by Jasmine Brianna Ellison
A bail bondsman is a person representing an agency or corporation that will act as collateral and offer money or property as bail. This acts as a legal promise that the defendant will appear in court.
Defendants and their families often sign contracts to pay roughly 10% of the bond proposed by the court. In certain circumstances, insurance companies will approve a down payment, as low as 3%, at which time the signee is responsible for an agreed upon payment plan.
If payments are not received, or the defendant does not appear in court, the bail bondsman is allowed to act as a bounty hunter. A skilled professional dedicated to find and capture a fugitive in exchange for a monetary reward. The reward, is considered the “bounty,” and is typically a percentage of the bail.
Families are held responsible for thousands of dollars’ worth of debt, regardless of which path the defendant takes.
Bail is a legal process guised to promote the ideal of due justice. Ethically, however, contracts are signed under duress. When a loved one is taken by law enforcement (regardless of innocence), there is an emotional instability to consider when reviewing the number of bails posted by civilians.
The fourth amendment explicitly states that citizens have the right to be secure in their persons, houses, papers, and effects, against unreasonable searches and seizures.
The amendment prohibits officers to use excessive force when apprehending a suspect. Although this should not be violated, the specifics of the statues are immensely vague in. Furthermore, bail bondsman are not held to the same standard of the law as federal and state agents, the statues are immensely vague in what qualifies as a violation.
Men are being imprisoned for their unpaid bonds waiting months to fight their cases in court while behind bars in the meantime.
A report from the nonprofit Color of Change and the American Civil Liberties Union (ACLU) found that roughly 70 percent of those currently in jail have yet to be convicted of a crime. Additionally, the report highlighted the share of people arrested who were required to post money bail grew from 37 percent to 61 percent between 1990 and 2009.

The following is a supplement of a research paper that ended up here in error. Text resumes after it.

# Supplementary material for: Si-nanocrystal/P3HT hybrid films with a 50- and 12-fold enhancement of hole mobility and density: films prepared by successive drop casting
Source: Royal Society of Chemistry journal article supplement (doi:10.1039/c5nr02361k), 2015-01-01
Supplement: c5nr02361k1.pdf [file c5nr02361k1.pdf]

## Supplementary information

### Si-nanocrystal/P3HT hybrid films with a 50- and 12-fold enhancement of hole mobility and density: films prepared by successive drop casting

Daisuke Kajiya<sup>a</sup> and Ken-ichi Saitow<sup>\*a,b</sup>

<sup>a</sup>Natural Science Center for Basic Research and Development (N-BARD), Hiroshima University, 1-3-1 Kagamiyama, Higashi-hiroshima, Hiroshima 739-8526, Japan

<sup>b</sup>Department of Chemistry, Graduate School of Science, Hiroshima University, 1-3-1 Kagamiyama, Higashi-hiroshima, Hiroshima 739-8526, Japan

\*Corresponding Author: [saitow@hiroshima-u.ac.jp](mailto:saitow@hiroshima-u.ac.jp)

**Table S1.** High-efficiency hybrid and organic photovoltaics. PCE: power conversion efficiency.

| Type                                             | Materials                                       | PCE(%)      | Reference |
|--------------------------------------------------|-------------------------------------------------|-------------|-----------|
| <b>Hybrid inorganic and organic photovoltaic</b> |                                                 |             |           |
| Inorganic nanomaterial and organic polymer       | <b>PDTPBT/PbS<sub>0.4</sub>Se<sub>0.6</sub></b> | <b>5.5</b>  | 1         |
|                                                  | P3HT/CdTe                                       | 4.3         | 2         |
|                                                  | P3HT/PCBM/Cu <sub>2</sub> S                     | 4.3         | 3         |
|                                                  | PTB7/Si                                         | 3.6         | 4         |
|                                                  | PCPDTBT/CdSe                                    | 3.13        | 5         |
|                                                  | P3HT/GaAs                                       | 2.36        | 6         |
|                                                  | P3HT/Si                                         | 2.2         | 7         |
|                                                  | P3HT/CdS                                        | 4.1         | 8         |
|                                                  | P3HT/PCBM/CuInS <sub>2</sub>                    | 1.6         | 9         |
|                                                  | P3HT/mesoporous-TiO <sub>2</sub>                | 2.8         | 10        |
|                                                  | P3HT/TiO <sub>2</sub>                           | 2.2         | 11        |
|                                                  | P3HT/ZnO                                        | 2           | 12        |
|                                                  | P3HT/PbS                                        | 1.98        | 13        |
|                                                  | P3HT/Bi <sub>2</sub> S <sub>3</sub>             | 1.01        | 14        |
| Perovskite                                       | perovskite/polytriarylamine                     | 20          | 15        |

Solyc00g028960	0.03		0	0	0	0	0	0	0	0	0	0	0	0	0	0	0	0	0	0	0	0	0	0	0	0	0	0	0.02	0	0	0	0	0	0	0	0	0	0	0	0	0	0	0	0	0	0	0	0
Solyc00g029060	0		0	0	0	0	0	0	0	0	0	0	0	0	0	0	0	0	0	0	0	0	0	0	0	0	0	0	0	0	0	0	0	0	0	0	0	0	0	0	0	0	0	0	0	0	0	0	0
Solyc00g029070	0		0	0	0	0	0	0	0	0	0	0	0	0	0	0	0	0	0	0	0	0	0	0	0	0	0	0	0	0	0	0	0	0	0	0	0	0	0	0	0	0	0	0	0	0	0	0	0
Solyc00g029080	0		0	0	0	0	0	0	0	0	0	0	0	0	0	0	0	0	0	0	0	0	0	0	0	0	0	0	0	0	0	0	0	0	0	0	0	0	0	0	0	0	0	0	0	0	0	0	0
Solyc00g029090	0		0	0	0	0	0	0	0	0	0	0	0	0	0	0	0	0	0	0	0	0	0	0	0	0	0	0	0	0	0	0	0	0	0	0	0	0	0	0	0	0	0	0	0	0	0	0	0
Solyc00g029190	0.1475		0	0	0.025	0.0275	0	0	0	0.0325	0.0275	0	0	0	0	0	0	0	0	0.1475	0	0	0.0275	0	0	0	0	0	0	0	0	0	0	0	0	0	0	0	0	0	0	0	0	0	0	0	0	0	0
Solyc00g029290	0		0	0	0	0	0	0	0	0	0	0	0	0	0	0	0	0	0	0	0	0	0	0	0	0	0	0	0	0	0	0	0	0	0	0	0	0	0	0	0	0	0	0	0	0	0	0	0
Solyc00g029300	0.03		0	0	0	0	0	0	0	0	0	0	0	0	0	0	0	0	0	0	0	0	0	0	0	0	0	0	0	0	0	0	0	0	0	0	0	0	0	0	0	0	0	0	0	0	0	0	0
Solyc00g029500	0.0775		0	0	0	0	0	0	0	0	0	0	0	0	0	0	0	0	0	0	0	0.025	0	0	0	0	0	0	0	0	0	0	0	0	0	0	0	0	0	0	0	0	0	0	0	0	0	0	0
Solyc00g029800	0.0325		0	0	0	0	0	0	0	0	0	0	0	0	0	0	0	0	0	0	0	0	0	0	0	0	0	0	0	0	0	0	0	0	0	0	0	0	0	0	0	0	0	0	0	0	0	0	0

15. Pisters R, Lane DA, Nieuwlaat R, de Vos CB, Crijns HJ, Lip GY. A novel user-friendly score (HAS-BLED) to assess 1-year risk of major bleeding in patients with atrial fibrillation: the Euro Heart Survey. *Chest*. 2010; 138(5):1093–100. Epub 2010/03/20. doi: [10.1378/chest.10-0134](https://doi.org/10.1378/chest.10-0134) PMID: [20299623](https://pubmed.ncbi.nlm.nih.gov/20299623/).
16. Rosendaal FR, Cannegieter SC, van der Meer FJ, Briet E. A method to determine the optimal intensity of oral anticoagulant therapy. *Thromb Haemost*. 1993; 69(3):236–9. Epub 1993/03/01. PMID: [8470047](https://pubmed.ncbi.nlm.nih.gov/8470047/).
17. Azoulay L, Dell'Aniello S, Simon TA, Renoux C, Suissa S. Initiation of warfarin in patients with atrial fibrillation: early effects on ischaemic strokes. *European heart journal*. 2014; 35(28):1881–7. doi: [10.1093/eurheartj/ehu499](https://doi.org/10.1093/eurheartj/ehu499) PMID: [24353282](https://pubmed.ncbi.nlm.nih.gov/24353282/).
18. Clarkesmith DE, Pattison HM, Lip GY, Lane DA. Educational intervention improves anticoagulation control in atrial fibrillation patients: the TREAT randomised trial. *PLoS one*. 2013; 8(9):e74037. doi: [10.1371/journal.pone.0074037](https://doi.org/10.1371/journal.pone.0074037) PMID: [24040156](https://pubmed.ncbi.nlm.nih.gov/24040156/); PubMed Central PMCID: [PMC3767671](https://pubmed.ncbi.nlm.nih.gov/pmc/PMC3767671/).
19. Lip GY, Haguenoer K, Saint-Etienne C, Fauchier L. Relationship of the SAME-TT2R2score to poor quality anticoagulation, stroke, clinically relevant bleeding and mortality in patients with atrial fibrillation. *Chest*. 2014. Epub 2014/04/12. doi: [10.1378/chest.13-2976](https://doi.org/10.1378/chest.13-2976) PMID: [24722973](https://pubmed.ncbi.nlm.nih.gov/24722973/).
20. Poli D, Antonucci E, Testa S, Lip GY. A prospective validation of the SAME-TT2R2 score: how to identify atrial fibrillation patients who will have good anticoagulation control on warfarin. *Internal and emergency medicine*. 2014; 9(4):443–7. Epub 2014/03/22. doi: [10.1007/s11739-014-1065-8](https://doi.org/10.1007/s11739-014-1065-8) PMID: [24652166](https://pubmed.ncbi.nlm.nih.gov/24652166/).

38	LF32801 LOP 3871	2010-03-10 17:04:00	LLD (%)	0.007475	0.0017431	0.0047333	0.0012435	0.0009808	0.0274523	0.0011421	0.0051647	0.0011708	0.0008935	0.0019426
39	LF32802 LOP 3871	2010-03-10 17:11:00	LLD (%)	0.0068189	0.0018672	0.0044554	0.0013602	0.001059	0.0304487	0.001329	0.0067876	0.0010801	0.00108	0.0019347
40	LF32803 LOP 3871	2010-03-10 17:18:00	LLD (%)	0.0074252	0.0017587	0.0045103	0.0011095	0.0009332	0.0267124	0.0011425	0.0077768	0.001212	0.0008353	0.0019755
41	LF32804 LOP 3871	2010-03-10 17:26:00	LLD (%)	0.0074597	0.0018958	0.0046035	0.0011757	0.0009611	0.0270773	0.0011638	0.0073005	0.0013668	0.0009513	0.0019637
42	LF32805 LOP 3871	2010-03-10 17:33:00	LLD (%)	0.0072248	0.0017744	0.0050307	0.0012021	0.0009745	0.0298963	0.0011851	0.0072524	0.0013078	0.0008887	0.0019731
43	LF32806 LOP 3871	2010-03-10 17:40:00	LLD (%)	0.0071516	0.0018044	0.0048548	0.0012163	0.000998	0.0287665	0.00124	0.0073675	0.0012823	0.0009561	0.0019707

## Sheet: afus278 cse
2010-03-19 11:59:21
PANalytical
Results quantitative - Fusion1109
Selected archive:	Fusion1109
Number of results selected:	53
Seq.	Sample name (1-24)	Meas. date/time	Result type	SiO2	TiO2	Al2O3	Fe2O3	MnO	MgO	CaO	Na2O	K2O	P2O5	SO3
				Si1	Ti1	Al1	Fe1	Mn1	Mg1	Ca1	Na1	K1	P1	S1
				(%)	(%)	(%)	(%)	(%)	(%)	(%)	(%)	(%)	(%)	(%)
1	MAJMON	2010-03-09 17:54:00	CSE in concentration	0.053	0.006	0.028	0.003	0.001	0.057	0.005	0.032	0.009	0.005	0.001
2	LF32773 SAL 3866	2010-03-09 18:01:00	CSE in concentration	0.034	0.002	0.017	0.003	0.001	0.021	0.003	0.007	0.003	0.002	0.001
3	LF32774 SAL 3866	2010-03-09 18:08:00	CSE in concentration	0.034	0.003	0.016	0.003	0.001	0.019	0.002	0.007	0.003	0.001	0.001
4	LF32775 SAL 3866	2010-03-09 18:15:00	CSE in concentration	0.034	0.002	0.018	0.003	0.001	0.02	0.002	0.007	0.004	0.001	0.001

The 8th Amendment to the United States Constitution states, "Excessive bail shall not be required," thus establishing bail as a constitutional right. What constitutes "excessive" is a matter of judicial discretion, and bail can be denied if the judge feels that it will not aid in forcing the accused back to trial.
When excessive become and ethical conversation instead of legal one?
In his recent state of the judiciary address, New York State’s chief judge drew attention to the disparity between the haves and the have-nots. He pointed out that the system is stacked against people accused of misdemeanor offenses, who, unable to afford the bail terms, have to stay in jail before trial. On average, it takes at least three months (and more likely, six months to a year) for a misdemeanor case to reach trial in New York City, which is a long time to spend in a cell before you've been convicted of anything.
Among defendants arrested in 2008 on non-felony charges and given bail of $1,000 or less, only 13% of defendants were able to post bail at arraignment."
Tim Murray, executive director of the Pretrial Justice Initiative research concluded that keeping an indigent person in jail prior to their hearing not only causes personal hardship for that person (and their family), but also seriously damages their ability to fight the charges.
Murray confirms, studies going back as far as the 1960’s "showing that defendants who are held pretrial are offered harsher plea offers than similarly situated defendants who are out on bail."
Bail bondsmen hide in the corners and shadows of the constitution like cockroaches in a cabinet. They act as bottom feeders that exploit the justice system; feasting on its uninformed victims finances and emotions. Their role in the justice system has prolonged the unethical incarceration of financially instable citizens for years.
1. Gillian B. White. Who Really Makes Money Off of Bail Bonds?. May 2017.
2. State Of Maine V. David G. Ullring. December 1999.
3. Sadhbh Walshe. America's bail system: one law for the rich, another for poor. February 2013.
4. United States of America 1789 (rev. 1992). www.ConstituteProject.org.